Pets

Pot for pets? Let’s let science weigh in

We bet you know at least one person who shares his or her stash with a pet. Not to get the animal high, but to relieve anxiety, nausea or pain from cancer or another ailment. But does it really work?

That’s hard to say. Anecdotes aside, no research to date shows any benefit of marijuana for dogs or cats. Only minimal research is available on its effects in humans. That’s because federal law classifies it as a Schedule I drug with no medical usefulness. Regulatory restrictions hamper researchers’ ability to study marijuana’s potential benefits for humans or animals.

In theory, cannabinoids – the chemical compounds found in marijuana – carry great promise, says Robin Downing, DVM, a pain management expert and hospital director at the Downing Center for Animal Pain Management in Windsor, Colo. Dogs and cats possess cannabinoid receptors. Think of them as the “lock” into which cannabinoid molecules fit like keys.

“These are exquisitely specific receptors that do not interact with other molecules,” Dr. Downing says. Unlike THC, cannabinoids are not involved in altered mentation, but they are credited with other actions in the nervous system, such as pain relief and relief of seizure activity.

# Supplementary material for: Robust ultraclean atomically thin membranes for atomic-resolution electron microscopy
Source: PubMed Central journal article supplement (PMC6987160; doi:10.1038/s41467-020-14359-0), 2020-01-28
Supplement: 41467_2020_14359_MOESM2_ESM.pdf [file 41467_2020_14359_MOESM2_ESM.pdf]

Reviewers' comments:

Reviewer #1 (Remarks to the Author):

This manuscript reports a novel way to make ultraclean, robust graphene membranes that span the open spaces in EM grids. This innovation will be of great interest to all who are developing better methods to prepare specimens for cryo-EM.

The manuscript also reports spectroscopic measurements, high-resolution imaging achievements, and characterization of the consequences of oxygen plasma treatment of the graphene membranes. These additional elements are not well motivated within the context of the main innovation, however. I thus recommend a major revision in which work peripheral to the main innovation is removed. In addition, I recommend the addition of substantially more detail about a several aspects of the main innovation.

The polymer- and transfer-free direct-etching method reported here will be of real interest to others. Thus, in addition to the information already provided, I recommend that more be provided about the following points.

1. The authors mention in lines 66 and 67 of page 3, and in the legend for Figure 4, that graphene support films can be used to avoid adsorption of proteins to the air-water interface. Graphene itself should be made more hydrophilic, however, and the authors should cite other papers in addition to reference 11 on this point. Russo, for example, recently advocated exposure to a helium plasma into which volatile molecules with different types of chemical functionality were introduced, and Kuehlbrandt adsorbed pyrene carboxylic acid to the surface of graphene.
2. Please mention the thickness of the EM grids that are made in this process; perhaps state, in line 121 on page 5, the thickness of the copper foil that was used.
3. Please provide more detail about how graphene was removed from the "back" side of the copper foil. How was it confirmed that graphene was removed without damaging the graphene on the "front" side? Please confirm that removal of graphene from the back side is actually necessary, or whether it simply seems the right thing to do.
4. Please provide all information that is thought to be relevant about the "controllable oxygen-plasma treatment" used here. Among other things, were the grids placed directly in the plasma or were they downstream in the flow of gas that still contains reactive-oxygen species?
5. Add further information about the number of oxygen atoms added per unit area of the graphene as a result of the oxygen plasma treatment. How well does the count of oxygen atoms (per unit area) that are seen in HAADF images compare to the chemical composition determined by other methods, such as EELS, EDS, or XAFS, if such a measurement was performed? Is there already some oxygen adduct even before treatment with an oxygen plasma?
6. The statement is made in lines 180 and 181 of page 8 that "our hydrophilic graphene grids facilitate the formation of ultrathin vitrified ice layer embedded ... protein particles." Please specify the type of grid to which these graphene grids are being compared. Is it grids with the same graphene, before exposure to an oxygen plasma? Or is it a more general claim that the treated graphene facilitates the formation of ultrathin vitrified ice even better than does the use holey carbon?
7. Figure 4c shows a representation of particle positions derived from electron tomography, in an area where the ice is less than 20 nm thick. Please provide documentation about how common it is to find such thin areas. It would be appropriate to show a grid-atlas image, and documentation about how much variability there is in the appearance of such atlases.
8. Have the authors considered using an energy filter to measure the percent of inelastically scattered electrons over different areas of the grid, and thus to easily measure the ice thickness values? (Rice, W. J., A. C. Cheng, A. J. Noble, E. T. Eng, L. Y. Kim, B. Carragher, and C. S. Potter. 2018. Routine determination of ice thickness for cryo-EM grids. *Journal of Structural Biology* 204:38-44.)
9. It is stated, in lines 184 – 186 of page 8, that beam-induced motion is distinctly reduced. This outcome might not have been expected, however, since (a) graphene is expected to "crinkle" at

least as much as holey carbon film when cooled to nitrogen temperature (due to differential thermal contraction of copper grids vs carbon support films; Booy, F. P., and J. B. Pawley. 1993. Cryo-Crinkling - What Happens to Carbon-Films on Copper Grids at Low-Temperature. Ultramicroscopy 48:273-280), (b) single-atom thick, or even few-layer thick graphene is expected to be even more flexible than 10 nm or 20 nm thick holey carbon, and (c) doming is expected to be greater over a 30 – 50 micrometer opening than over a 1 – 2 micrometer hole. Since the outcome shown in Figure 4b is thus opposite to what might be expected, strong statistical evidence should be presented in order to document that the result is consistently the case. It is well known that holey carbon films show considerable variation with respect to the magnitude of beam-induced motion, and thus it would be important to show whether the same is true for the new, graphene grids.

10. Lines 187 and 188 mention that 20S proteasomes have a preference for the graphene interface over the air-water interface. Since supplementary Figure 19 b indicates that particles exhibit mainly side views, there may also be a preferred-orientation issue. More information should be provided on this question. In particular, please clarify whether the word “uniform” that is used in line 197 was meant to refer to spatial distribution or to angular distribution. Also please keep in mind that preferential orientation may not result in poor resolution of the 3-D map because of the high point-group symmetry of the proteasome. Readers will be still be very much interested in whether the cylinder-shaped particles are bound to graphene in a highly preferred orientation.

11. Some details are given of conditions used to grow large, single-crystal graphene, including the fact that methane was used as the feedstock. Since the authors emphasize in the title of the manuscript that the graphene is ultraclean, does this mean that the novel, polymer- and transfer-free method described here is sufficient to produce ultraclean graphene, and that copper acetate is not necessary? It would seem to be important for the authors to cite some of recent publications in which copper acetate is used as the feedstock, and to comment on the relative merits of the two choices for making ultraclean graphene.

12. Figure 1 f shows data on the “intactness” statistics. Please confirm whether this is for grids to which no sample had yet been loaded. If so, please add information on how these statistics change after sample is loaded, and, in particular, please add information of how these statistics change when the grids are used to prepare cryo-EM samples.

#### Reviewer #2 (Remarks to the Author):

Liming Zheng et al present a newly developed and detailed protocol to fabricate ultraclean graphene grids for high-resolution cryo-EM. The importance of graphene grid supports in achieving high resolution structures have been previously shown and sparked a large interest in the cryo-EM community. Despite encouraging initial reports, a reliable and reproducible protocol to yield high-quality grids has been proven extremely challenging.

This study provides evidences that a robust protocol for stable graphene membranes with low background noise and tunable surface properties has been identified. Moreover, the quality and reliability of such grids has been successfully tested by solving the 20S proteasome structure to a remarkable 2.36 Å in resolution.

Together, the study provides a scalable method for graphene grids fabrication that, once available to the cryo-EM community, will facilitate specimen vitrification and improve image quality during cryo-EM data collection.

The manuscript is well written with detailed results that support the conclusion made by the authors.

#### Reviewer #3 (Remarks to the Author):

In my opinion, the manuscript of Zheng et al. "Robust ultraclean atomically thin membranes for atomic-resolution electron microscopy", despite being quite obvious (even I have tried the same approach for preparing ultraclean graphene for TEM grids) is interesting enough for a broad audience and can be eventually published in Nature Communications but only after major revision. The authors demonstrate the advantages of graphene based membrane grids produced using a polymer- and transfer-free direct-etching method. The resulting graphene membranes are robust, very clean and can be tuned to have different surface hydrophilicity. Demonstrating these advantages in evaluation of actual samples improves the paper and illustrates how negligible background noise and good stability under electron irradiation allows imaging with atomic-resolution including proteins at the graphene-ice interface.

“This is what gives us hope that medical marijuana will at some point become an important tool in the pain management toolbox,” she says.

That can’t happen, though, until the drug is better understood. Right now, little is known about dosing and delivery of medical marijuana to pets.

The idea of treating pet ailments with marijuana may give rise to the image of coming home to a dog or cat who’s chowing down on Doritos and listening to Bob Marley. The truth is, we don’t know a lot about how pets respond to marijuana because they can’t tell us how they feel.

“For animals, we have no safety data, no efficacy data and no dosing data,” Dr. Downing says.

For example, she says, humans can adjust their doses based on their response to a drug, but animals cannot.

“How do we know what they are feeling? How can we tell when they have received ‘enough’ to create whatever effect we seek for them?”

At veterinary emergency hospitals, marijuana is the number-one intoxicant for pets, especially in states such as California, Colorado and Washington, which have legalized medical and recreational marijuana. A retrospective study published in 2012 looked at cases in two Colorado veterinary hospitals from 2005 to 2010. Researchers found that the incidence of marijuana toxicosis in dogs increased fourfold over the period.

Typical incidents include eating an owner’s baked goods that contain marijuana or THC-laced butter or coconut oil, eating the actual plants or inhaling smoke.

Pet Connection is produced by a team of pet-care experts headed by veterinarian Dr. Marty Becker and Kim Campbell Thornton.

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